Please note that Museum of the Moving Image is currently closed for renovation. It will re-open on January 15, 2011 with an expanded facility including a new 264-set theater, a 68-seat screening room, new galleries for changing exhibitions, and more.
The American Museum of the Moving Image is dedicated to educating the public about the art, history, technique, and technology of film, television, and digital media, and to examining their impact on culture and society. It achieves these goals by maintaining the nation's largest permanent collection of moving image artifacts, and by offering the public exhibitions, film screenings, lectures, seminars, and other education programs.
The Museum is located on the site of what was once the largest, busiest, and most significant motion picture and television production facility between London and Hollywood, the famous Astoria Studio. Built in 1920 across the East River from midtown Manhattan, the studio was Paramount's East Coast production facility, and, in the 1930s, a site for independent film production. In 1942 the U.S. Army bought the Astoria Studio and renamed it the Signal Corps Photographic Center. The studio filled a major need for expanded productionapability to speed the training of millions of wartime inductees. After the Army left in 1971, the site fell into disrepair until the Museum took shape in the eighties.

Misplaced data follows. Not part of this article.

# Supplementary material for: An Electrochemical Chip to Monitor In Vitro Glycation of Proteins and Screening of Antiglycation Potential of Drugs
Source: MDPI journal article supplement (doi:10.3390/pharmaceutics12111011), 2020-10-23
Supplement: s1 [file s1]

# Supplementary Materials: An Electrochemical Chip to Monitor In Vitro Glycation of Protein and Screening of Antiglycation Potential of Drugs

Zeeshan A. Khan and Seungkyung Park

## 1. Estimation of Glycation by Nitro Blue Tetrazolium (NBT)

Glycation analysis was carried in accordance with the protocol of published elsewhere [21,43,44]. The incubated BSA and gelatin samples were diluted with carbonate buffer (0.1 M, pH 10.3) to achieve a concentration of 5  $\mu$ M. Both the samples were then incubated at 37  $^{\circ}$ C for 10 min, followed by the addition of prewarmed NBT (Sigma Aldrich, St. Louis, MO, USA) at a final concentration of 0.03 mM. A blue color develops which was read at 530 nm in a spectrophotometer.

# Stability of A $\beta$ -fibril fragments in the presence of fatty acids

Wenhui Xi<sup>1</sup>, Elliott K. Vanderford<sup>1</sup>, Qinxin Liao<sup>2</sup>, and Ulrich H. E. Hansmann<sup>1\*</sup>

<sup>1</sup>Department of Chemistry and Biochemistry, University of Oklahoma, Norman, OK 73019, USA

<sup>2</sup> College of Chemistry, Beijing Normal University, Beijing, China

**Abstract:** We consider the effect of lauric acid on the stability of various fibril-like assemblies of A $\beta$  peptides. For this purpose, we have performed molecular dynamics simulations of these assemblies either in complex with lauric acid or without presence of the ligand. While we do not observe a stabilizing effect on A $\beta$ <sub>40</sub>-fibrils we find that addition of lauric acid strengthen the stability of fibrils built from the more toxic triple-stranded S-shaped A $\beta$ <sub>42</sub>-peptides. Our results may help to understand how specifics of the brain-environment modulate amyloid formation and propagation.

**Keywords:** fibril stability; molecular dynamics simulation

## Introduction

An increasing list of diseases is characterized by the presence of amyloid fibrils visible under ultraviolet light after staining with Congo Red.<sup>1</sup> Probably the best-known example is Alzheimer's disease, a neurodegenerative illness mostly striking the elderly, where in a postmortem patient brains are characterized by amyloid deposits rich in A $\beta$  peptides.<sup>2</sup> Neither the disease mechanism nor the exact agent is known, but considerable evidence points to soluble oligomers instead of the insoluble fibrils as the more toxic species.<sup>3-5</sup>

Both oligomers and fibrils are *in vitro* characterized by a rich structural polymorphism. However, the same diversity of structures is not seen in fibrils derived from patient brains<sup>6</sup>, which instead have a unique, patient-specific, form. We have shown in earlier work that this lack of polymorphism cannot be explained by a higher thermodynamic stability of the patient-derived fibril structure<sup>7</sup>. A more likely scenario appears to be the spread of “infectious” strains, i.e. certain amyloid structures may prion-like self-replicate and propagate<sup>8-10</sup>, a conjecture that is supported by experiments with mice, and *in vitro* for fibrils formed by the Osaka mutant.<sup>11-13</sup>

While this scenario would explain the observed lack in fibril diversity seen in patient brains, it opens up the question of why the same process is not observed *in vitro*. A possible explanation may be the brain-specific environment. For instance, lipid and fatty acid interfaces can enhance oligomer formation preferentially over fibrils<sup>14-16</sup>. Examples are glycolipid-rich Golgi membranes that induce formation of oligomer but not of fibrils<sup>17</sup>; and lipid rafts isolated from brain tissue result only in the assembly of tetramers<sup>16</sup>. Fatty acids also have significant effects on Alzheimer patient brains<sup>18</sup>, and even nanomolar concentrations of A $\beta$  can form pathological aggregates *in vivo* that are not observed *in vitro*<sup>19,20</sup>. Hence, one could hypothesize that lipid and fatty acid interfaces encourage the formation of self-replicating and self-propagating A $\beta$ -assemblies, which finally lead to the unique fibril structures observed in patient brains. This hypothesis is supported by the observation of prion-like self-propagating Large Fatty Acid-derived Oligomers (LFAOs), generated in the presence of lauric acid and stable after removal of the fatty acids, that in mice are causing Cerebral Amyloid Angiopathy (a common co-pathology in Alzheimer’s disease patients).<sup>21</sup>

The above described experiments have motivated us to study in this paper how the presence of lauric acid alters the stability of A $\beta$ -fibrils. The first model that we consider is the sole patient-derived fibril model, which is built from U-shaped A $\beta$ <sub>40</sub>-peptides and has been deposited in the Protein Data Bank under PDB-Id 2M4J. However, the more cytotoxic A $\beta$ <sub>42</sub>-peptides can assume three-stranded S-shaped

The museum has assembled the nation's largest and most comprehensive holdings of moving image artifacts, which is one of the most important collections of its kind in the world, numbering more than 83,000 items. For example, the collection includes: photographed studies of locomotion made by Eadweard Muybridge in 1887; an early mechanical television created in 1931 by C. Francis Jenkins; the chariot driven by Charlton Heston in the epic film BEN HUR (1959); Computer Space, the first coin-operated video arcade game released by Nolan Bushnell in 1971; a character puppet of Yoda, created by Stuart Freeborn for THE EMPIRE STRIKES BACK (1980); and TUT'S FEVER (1986-88), an installation artwork by Red Grooms and Lysiane Luong.
Admission And Tickets
$12 - Adults
$9 - Seniors & students
$6 - Children (3-13)
Members & Children under 3: Free
Telephone: (718) 784-4520
Address: 35th Avenue at 37th Street
Hours And Additional Info
Film Screenings take place Fridays at 7:30 p.m.; and Saturdays and Sundays afternoons and evenings